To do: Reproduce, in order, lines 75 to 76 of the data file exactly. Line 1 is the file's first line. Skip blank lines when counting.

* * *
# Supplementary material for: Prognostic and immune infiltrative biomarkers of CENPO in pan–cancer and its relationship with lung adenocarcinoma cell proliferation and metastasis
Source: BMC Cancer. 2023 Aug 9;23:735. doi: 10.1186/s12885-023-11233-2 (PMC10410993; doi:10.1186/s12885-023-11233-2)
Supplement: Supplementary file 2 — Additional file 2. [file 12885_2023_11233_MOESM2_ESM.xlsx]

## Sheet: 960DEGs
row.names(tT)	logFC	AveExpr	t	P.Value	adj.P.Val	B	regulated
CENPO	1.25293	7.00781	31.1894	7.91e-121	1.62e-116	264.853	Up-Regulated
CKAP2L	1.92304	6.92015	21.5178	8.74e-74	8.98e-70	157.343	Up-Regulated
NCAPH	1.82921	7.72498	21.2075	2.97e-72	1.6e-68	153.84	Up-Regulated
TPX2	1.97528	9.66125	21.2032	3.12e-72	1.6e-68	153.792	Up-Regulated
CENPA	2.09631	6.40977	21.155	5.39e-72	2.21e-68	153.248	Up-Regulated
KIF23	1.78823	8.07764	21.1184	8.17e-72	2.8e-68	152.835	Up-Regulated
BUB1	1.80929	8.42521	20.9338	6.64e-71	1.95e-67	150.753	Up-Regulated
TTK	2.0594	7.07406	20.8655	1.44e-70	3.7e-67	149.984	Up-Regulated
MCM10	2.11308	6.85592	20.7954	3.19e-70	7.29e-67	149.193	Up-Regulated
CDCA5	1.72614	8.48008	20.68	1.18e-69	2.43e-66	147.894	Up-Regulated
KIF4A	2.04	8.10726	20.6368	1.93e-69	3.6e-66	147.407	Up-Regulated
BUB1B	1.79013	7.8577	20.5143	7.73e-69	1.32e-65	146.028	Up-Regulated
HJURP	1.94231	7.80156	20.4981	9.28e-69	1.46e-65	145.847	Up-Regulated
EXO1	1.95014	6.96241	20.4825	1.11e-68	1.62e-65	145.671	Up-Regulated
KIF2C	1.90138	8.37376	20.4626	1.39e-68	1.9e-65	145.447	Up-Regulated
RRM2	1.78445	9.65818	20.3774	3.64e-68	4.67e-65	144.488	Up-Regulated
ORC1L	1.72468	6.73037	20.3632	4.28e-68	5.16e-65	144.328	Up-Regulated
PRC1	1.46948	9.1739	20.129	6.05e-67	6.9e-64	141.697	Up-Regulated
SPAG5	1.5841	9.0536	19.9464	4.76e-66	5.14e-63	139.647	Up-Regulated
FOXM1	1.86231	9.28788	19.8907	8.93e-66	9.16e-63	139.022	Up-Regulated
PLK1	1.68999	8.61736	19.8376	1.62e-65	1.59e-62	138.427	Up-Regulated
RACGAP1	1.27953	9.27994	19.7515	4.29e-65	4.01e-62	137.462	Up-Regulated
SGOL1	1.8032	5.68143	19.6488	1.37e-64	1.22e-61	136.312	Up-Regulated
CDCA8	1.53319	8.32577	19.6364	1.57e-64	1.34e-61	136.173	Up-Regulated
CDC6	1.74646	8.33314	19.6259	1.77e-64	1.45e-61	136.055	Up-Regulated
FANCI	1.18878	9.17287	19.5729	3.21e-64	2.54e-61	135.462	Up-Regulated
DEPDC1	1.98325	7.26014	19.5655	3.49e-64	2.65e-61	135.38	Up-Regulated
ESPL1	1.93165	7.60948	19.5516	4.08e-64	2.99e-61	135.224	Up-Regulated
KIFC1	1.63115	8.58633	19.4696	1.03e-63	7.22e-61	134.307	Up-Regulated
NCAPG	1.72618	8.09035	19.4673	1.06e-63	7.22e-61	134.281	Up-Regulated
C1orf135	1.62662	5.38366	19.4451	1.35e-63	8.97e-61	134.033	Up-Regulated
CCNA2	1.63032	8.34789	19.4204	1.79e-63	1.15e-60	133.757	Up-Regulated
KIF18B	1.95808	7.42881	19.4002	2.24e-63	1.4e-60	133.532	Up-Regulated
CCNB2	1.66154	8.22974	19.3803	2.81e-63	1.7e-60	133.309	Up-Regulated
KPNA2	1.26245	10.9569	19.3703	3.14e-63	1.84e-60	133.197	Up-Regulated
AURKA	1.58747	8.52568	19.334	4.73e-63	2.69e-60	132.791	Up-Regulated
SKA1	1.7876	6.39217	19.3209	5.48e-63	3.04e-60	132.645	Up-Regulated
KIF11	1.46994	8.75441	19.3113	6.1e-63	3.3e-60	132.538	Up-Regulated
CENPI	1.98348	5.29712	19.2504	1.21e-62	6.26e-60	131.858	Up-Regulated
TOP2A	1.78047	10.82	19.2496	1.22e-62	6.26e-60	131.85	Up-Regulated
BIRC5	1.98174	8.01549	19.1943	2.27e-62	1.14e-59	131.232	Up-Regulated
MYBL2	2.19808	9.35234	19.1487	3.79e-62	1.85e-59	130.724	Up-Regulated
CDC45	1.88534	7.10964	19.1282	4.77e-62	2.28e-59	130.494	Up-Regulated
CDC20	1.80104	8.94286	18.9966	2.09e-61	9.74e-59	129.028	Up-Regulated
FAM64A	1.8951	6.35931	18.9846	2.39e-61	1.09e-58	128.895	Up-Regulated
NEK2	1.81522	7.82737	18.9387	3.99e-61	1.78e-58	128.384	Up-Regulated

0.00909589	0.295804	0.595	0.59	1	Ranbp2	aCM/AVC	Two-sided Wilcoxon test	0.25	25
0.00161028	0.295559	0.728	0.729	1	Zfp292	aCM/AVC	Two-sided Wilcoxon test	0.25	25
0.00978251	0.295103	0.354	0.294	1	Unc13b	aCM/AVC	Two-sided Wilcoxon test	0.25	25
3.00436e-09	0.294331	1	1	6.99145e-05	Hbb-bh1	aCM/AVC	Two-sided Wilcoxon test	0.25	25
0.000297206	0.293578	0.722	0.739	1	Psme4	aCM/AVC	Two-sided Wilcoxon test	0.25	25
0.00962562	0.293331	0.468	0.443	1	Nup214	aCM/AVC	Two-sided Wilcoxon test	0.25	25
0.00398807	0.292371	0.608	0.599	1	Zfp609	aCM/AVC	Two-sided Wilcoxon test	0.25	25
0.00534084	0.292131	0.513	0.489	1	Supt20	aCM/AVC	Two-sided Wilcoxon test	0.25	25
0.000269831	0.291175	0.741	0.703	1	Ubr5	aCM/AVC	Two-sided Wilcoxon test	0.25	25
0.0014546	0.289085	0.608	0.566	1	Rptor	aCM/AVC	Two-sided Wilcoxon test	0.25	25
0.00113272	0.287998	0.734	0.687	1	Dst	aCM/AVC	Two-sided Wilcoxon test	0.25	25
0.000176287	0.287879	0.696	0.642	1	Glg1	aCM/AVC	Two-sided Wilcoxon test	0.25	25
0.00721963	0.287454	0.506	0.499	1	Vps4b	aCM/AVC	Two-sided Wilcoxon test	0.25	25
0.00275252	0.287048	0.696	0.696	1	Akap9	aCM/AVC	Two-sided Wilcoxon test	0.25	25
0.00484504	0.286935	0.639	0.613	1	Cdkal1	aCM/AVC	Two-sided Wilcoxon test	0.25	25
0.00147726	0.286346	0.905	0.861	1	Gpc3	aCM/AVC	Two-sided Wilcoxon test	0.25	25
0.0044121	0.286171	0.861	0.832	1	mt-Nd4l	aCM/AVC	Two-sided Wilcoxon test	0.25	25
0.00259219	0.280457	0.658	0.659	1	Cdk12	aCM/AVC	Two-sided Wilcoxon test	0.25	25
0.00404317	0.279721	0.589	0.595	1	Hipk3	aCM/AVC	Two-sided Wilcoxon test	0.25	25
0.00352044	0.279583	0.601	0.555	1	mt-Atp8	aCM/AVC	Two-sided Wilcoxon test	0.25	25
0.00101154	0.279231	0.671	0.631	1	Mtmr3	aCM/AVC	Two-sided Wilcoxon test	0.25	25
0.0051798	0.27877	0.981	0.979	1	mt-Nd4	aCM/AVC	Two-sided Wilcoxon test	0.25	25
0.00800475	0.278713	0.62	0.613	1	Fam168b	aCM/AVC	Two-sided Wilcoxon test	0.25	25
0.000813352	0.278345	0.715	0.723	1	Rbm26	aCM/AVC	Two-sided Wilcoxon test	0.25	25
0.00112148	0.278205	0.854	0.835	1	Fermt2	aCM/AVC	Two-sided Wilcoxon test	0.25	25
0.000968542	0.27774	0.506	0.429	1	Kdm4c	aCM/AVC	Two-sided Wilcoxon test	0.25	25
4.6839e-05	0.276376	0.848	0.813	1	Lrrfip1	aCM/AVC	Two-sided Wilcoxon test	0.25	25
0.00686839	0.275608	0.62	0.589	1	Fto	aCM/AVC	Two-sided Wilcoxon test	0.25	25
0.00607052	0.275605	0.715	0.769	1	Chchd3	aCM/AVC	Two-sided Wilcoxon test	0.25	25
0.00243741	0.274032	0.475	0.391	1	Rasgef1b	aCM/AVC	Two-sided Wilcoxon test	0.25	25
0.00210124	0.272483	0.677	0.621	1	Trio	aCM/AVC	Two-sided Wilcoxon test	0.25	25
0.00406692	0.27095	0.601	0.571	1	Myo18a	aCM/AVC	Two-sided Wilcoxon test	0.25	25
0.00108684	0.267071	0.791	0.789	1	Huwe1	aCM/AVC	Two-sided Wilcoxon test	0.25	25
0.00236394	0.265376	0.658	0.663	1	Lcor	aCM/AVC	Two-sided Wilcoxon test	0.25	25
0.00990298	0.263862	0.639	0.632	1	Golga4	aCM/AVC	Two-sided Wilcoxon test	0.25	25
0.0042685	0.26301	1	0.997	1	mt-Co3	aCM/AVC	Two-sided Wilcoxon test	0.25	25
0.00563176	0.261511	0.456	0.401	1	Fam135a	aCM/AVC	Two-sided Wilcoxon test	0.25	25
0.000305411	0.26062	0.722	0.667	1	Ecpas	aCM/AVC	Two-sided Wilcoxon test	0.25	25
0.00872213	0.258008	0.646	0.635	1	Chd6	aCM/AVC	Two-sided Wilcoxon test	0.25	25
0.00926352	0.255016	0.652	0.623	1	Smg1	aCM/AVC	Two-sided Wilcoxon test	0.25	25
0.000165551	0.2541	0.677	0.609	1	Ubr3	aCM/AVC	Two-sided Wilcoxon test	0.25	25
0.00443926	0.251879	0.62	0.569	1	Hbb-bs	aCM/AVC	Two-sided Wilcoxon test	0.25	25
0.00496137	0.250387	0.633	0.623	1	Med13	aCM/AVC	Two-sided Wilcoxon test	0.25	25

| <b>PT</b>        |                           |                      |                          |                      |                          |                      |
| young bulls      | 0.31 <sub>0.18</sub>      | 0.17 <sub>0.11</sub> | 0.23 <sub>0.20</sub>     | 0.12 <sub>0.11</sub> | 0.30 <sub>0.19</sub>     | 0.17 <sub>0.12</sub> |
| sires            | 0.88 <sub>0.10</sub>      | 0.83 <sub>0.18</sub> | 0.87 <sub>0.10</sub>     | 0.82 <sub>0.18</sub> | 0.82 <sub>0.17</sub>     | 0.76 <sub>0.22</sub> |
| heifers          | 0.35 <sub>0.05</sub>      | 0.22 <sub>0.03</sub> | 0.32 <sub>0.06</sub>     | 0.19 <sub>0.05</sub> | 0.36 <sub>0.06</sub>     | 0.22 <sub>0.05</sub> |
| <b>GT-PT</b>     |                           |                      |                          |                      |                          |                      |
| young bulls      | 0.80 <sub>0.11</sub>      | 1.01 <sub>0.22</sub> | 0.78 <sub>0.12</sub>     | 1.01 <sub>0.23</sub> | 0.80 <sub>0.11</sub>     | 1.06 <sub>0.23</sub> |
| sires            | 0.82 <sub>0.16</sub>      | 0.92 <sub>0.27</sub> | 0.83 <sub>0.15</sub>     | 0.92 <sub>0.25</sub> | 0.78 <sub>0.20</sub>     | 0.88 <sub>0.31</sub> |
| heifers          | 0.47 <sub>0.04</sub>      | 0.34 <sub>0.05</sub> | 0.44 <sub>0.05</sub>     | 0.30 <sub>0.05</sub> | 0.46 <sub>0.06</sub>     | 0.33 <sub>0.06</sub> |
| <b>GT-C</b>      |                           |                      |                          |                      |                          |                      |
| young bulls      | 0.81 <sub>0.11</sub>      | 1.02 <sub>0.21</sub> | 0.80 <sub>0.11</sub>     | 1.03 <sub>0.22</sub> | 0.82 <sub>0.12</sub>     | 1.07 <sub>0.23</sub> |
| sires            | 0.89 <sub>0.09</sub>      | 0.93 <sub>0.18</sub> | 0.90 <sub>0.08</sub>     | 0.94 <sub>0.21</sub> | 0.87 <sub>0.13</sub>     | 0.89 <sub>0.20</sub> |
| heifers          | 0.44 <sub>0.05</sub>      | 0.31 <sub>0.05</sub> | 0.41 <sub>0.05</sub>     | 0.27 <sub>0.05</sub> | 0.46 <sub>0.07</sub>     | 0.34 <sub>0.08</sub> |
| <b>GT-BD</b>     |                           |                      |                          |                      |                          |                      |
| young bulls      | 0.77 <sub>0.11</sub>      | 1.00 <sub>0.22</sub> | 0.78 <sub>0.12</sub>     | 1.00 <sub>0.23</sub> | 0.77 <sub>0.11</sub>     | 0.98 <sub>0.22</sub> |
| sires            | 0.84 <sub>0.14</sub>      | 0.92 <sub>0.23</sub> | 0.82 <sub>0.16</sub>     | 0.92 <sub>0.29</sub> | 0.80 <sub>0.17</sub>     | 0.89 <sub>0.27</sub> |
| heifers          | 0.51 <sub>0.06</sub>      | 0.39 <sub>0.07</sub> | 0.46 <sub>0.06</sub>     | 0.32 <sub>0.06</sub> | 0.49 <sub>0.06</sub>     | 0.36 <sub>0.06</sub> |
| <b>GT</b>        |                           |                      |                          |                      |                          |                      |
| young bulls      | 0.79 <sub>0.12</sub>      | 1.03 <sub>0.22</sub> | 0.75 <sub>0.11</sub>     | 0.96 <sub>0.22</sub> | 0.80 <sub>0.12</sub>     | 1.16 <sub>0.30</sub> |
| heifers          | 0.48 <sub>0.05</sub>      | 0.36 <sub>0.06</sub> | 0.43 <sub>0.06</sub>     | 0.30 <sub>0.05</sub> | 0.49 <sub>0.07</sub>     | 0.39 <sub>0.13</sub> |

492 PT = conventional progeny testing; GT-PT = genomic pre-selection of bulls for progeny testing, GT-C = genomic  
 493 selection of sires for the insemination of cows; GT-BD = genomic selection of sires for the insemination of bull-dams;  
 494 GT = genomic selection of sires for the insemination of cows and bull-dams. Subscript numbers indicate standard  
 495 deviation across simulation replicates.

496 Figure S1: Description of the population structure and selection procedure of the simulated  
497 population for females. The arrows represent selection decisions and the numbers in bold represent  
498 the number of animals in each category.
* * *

0.000813352	0.278345	0.715	0.723	1	Rbm26	aCM/AVC	Two-sided Wilcoxon test	0.25	25
0.00112148	0.278205	0.854	0.835	1	Fermt2	aCM/AVC	Two-sided Wilcoxon test	0.25	25